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Our students desperately need homes – and they need them now

The demand for student housing has never been higher than it is now. Photo: Varun Kulkarni/Pixabay

The demand for student housing has never been higher than it is now. Photo: Varun Kulkarni/Pixabay

Published May 13, 2022

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The demand for student accommodation has never been so high, and now that life is returning to some kind of normality and students are back in lecture halls, the spotlight on this property sector is back.

Real estate auctioneer Joff van Reenen, a property industry veteran and founding partner of High Street Auctions, says he has “never before” seen the need for student housing as high as it is now, nor the timing so favourable for capitalising on this demand.

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“When the World Bank Group’s International Finance Corporation (IFC) was researching the feasibility of investing R150 million in a local property company’s plan to develop accommodation hubs for an additional 16 000 student beds, it drew attention to the fact that South Africa’s student housing supply-demand gap already exceeded 500 000.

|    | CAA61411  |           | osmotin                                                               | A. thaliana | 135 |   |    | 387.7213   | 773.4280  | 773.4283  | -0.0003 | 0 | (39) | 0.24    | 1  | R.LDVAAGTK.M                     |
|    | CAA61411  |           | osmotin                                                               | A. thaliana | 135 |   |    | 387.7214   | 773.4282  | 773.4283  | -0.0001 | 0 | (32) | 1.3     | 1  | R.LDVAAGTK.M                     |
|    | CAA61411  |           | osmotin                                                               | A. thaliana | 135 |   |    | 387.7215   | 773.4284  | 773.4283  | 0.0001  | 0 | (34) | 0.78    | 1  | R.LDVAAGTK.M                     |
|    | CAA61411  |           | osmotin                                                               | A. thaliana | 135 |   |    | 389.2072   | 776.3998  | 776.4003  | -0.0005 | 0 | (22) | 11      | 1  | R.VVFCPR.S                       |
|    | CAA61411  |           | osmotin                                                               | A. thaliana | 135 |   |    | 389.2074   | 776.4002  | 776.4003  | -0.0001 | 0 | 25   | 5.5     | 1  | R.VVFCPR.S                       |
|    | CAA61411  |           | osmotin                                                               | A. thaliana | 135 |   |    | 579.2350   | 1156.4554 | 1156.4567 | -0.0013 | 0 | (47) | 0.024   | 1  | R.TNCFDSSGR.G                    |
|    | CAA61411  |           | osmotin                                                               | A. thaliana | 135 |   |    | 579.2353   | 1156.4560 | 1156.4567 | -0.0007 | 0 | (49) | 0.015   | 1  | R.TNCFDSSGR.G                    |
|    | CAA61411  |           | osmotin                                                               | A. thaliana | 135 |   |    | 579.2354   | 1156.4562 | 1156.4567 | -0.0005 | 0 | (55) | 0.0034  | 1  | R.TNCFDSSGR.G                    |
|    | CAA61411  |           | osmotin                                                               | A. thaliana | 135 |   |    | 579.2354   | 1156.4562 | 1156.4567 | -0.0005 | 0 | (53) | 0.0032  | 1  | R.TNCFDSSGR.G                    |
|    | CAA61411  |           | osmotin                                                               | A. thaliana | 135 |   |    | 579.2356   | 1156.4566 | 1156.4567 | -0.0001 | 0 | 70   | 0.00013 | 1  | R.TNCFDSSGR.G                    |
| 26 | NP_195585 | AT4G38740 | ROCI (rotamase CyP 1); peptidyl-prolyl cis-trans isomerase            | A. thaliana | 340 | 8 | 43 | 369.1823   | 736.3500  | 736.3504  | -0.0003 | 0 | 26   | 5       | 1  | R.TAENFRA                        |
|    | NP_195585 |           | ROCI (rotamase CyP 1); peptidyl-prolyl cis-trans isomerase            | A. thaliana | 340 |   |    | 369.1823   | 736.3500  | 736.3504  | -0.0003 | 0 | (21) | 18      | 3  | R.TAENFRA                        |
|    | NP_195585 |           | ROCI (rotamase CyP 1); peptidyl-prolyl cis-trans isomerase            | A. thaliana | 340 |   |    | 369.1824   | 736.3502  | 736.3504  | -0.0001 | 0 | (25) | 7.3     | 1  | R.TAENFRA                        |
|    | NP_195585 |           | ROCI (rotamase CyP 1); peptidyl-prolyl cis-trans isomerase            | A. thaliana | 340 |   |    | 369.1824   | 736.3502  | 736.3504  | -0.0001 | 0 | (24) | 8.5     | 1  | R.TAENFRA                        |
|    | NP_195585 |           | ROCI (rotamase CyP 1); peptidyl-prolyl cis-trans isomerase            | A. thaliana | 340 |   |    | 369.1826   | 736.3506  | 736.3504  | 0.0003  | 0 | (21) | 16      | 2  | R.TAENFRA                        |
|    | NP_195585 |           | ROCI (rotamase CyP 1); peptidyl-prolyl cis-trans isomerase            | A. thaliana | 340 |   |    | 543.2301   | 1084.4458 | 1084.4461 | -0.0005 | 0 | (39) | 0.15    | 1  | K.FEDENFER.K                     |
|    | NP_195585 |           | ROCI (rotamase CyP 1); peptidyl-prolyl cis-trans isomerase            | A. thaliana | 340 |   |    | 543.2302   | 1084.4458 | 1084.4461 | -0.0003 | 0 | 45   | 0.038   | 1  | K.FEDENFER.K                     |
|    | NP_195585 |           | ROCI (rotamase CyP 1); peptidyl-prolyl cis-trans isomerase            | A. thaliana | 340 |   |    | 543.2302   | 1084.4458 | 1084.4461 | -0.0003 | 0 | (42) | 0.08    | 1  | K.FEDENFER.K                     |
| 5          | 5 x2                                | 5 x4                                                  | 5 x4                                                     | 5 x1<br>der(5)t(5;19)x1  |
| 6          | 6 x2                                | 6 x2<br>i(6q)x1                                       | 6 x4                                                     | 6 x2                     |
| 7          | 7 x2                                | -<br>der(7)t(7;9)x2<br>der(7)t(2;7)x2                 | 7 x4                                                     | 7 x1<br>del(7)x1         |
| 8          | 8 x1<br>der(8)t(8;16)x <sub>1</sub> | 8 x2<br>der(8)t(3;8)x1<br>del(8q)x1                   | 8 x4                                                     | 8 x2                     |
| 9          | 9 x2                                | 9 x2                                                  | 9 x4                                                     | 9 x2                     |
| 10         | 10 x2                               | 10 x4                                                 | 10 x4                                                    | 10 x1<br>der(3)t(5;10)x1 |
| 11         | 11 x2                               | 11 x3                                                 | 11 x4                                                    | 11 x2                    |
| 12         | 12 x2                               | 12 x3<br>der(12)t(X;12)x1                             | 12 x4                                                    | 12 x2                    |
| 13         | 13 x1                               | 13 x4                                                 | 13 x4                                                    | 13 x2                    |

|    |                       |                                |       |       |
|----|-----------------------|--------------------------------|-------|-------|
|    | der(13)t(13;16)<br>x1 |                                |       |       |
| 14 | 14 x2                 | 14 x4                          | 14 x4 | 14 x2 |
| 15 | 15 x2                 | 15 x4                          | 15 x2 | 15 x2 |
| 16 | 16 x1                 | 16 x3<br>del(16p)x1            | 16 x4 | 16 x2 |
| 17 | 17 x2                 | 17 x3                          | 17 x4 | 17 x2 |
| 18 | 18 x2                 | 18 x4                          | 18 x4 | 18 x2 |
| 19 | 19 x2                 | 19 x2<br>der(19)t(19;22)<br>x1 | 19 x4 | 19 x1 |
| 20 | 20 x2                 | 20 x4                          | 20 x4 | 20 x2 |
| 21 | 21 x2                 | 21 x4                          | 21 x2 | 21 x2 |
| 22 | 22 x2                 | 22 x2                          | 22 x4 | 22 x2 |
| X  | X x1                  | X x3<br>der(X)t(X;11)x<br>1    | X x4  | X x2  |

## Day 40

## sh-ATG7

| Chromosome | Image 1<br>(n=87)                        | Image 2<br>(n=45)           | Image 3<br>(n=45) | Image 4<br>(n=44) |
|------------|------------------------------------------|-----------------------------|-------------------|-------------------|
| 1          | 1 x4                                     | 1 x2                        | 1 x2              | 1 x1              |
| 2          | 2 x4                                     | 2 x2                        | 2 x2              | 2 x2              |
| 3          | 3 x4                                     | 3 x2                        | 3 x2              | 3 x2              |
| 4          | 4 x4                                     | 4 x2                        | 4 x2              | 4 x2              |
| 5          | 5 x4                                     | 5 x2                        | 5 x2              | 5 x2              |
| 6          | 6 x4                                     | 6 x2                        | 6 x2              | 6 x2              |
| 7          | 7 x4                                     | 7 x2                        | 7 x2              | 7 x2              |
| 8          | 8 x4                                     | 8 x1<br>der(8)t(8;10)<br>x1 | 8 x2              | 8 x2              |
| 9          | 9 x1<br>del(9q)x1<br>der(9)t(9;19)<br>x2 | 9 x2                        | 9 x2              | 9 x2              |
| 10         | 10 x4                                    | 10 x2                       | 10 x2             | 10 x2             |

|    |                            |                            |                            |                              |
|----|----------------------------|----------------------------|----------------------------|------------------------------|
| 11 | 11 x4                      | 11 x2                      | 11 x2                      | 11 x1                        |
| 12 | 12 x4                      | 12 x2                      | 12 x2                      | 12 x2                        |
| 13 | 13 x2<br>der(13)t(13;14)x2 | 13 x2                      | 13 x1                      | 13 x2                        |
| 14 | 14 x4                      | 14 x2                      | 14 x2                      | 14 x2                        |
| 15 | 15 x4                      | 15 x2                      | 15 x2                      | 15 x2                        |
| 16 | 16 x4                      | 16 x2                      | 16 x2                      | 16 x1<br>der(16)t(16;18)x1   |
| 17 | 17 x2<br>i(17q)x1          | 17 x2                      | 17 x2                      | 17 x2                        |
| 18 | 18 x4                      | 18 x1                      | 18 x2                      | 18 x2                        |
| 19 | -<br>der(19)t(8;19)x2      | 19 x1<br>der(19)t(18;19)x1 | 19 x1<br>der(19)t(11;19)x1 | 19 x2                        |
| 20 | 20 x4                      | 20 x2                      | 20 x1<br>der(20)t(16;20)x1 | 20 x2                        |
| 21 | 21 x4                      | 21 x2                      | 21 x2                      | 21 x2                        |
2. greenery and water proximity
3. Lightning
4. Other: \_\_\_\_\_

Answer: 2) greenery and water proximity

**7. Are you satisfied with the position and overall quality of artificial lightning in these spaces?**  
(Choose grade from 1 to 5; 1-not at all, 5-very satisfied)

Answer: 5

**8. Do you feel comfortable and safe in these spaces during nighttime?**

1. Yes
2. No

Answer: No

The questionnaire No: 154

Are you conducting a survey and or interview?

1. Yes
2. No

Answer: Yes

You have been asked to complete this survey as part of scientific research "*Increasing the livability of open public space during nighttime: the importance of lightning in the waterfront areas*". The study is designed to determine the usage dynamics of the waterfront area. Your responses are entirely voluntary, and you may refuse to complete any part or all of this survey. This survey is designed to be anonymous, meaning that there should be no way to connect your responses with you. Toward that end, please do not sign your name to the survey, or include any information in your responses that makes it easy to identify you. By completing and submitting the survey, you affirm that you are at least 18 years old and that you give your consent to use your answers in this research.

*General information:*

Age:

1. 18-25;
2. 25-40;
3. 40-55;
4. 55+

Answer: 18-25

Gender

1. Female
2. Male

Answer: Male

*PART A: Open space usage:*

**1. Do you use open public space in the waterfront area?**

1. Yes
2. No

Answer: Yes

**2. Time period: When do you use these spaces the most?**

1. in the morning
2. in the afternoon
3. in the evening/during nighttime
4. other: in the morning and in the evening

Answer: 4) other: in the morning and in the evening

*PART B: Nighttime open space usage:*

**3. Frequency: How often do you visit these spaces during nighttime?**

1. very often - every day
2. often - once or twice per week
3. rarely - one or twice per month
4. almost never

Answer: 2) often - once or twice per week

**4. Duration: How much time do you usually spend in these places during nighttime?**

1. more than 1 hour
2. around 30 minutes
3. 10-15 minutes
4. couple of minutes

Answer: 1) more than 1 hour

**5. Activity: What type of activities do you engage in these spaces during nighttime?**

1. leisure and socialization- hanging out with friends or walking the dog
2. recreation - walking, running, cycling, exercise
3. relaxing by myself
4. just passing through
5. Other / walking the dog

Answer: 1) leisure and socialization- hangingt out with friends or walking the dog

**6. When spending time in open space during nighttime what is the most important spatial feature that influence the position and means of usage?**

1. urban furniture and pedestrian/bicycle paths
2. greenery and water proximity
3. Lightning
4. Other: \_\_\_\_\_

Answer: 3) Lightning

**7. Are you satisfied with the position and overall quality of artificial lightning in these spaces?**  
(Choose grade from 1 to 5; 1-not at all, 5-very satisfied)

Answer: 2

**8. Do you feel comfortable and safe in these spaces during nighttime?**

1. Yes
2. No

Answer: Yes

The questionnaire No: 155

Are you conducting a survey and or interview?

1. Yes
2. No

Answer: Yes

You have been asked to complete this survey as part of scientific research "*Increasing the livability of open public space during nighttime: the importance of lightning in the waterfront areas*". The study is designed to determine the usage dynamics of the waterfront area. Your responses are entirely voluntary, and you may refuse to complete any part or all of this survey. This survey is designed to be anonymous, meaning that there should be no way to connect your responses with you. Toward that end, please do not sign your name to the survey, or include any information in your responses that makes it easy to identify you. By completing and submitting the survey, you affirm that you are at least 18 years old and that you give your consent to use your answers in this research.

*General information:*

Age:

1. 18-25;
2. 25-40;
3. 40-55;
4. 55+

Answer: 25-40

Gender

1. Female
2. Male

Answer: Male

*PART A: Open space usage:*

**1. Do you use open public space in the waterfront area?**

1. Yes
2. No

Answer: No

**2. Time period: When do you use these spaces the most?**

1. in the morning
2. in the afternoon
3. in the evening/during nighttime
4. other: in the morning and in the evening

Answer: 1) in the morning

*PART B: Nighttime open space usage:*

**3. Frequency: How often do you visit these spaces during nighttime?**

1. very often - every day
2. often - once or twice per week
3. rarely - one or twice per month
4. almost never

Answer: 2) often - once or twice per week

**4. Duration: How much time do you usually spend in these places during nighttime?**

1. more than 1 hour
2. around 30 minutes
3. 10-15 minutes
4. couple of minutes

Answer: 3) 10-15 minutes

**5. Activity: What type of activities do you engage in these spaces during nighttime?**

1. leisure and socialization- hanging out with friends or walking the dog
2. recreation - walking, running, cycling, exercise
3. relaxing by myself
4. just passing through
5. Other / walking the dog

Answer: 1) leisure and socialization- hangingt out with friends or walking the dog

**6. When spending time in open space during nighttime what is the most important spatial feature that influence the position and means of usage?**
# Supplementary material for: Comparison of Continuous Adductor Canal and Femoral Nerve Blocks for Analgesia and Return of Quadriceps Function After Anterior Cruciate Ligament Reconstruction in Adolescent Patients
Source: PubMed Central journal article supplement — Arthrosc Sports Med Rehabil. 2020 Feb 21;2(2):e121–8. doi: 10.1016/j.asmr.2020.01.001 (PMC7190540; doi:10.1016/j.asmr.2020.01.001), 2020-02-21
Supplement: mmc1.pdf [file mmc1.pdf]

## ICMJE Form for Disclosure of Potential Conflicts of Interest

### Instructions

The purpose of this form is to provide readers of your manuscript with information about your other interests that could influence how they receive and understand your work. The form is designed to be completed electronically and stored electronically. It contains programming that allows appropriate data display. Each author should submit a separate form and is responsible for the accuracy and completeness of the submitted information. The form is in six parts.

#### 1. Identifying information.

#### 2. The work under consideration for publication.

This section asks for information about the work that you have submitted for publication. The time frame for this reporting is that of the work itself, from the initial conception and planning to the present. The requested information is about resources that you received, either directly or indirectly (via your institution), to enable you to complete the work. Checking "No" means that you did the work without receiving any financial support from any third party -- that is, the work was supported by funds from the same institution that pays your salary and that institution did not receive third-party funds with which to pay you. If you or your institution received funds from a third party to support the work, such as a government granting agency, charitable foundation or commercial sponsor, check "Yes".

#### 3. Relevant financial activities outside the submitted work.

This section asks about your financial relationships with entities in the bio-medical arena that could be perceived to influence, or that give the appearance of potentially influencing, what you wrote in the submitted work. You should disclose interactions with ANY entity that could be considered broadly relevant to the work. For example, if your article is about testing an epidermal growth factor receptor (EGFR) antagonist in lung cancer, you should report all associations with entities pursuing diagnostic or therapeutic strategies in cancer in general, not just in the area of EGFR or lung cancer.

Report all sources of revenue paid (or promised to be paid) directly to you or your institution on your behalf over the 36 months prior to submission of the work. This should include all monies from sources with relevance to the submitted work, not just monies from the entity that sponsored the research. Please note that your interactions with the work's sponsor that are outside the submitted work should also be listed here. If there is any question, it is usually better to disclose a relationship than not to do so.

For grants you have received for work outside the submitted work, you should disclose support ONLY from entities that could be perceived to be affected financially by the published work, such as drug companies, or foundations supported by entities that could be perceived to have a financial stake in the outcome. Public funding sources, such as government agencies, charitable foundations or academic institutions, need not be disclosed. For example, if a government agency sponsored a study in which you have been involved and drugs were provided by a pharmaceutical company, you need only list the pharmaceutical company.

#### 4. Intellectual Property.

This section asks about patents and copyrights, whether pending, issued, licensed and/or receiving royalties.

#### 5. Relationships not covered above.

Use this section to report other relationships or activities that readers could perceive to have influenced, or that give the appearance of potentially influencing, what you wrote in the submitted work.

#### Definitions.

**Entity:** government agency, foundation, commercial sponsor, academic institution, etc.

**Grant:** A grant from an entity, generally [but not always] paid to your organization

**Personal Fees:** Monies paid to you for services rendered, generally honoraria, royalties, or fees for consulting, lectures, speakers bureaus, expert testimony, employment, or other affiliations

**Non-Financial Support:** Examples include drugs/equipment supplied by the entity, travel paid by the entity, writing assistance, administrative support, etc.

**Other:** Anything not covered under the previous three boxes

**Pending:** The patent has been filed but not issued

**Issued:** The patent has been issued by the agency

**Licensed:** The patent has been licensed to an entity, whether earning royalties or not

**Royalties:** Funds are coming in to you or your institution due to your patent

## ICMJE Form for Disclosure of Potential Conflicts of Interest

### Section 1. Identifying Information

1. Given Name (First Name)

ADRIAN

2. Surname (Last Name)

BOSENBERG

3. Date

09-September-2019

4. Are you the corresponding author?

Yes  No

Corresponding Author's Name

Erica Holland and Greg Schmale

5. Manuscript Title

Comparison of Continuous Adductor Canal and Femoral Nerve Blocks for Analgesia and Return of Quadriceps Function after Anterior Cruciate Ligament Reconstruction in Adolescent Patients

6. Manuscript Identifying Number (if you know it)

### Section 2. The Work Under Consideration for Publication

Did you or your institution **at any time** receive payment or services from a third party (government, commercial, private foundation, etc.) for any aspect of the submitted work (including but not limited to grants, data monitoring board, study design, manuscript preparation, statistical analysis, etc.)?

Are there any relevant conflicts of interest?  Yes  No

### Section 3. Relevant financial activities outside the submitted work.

“The IFC’s report also forecast that, by 2025, the student accommodation shortage would rise to more than 780 000 beds, no doubt at least partially prompting its decision a year ago to proceed with the investment.”

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Furthermore, he says, in December, Growthpoint Properties launched an unlisted student accommodation REIT with a R2 billion seed portfolio and approval from the National Student Financial Aid Scheme (NSFAS).

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“There’s no question that student accommodation is emerging as one of the most exciting real estate investment trends in South Africa, and the availability of opportunities in this sector is increasing.”

How big is the supply-demand gap?

There’s historically been a “massive gap” in student accommodation requirements, agrees Grant Smee, managing director of Only Realty Group. He too believes that there has been an uptick in developers focusing on the student accommodation space, saying this is being seeing particularly in areas like Durbanville, Stellenbosch, and coastal areas like Gqeberha.

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“The areas most in need of more student housing are linked to the coastal universities – Stellenbosch, Makhanda, and Cape Town. With the exception of the latter, which is a big city where all demographics are facing a housing shortage, Stellenbosch and Makhanda are small towns battling to meet the demand.”